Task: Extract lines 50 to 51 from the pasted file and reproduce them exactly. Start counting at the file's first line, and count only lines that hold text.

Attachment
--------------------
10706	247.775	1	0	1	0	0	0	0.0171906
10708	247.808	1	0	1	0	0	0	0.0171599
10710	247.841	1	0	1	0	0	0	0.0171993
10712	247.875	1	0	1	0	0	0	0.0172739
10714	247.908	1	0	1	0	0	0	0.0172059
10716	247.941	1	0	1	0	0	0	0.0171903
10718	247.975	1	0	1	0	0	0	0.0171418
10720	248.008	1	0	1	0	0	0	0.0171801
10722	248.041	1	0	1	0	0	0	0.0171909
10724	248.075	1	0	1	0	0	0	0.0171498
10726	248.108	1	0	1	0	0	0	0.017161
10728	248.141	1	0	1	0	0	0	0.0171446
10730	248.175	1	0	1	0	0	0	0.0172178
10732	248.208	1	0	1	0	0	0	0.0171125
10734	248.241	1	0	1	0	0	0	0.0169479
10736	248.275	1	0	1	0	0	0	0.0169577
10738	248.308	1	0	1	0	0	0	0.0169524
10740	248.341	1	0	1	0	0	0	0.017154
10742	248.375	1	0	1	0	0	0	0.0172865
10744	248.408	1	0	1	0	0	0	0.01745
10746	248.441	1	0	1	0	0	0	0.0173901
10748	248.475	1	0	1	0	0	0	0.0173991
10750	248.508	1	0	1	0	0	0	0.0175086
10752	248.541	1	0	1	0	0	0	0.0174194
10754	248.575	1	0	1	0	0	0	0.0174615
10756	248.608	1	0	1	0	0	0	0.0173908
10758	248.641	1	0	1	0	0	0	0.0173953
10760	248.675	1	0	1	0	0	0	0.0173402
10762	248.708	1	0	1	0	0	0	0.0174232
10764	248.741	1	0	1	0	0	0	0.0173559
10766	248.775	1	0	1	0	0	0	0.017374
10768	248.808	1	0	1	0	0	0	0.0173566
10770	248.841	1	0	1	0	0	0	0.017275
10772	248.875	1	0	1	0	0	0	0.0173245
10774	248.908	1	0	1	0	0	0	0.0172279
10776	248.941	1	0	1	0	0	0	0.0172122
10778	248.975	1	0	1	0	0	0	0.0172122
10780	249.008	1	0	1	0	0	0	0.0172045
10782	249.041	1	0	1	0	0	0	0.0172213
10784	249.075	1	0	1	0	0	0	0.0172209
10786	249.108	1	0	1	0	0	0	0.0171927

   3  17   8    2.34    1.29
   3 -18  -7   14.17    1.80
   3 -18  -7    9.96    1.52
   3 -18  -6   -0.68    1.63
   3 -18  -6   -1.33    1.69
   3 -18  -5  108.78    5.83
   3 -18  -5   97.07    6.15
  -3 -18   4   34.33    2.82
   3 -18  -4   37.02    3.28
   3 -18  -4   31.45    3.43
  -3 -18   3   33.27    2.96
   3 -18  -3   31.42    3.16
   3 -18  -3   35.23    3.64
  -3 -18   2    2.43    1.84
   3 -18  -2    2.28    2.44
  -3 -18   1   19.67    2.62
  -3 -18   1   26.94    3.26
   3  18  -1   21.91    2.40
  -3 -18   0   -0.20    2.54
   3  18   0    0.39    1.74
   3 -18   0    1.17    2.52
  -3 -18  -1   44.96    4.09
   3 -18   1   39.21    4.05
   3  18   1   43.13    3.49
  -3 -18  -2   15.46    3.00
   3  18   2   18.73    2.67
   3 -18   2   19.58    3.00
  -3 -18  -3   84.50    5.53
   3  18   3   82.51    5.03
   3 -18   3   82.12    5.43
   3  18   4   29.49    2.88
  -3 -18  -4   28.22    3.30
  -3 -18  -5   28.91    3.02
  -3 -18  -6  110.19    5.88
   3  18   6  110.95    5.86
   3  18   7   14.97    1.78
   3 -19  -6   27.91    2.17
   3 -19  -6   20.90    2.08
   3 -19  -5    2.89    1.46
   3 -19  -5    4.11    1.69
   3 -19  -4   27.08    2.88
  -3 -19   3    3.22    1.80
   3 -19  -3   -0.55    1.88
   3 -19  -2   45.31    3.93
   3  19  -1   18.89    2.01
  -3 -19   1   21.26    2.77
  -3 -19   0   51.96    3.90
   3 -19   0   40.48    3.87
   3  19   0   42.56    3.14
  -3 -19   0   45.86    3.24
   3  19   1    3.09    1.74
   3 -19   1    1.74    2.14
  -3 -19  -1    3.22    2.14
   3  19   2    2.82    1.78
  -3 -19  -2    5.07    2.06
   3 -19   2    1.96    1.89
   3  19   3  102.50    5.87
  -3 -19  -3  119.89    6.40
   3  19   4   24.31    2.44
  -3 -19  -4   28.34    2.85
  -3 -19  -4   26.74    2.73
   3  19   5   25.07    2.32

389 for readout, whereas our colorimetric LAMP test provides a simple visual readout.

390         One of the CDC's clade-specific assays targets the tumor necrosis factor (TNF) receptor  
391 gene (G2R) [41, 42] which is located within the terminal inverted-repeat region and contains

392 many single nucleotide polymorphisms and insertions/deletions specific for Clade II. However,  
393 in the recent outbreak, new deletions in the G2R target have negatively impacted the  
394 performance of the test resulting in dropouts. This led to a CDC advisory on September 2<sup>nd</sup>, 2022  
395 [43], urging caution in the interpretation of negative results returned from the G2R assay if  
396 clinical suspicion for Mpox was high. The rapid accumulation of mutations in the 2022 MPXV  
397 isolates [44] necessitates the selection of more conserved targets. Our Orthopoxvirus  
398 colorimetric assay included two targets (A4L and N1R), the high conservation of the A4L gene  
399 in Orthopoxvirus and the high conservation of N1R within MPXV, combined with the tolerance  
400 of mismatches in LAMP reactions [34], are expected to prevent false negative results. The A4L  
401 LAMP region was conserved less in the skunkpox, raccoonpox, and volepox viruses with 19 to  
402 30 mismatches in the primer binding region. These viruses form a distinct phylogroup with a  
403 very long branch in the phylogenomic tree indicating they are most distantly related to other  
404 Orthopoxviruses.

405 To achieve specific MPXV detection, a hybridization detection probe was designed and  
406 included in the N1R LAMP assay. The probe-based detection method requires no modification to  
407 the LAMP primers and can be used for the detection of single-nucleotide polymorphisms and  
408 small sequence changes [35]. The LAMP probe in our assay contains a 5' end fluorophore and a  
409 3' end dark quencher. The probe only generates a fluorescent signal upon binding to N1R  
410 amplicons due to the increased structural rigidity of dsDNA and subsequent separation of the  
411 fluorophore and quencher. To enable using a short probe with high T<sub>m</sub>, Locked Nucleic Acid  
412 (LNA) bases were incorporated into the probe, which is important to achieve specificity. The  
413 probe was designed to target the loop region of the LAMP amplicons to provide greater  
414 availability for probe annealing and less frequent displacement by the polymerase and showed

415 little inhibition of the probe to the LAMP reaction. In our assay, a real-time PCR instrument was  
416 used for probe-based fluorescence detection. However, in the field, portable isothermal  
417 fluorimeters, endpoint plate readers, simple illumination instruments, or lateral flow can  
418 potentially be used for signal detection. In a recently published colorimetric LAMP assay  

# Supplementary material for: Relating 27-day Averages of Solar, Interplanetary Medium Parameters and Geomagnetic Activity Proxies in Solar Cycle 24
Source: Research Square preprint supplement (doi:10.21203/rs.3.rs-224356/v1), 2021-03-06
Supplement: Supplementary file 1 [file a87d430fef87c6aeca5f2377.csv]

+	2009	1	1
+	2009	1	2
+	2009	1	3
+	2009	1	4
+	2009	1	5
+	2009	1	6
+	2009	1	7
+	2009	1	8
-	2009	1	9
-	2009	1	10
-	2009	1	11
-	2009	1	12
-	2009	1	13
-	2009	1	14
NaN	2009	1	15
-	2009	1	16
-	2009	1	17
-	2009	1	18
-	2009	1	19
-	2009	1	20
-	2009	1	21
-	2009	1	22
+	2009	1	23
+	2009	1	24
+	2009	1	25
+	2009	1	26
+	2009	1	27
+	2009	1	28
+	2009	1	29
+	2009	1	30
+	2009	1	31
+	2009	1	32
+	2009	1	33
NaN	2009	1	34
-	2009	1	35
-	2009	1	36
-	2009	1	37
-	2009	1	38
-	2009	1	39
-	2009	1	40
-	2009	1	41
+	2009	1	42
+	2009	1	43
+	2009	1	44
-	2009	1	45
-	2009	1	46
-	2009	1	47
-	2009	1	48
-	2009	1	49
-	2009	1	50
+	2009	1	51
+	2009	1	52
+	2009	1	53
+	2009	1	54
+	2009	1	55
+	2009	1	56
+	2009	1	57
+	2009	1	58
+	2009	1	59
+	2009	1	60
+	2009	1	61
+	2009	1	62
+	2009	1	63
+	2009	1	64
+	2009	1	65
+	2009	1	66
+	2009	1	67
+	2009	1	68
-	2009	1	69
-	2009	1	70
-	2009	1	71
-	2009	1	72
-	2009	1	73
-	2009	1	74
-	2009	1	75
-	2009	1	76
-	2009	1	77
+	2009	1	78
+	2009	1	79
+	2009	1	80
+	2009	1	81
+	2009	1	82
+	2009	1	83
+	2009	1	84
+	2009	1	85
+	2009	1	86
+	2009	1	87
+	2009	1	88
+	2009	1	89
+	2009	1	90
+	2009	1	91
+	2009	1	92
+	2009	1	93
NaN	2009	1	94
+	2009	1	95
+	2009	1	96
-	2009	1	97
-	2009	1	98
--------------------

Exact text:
   3 -18  -4   37.02    3.28
   3 -18  -4   31.45    3.43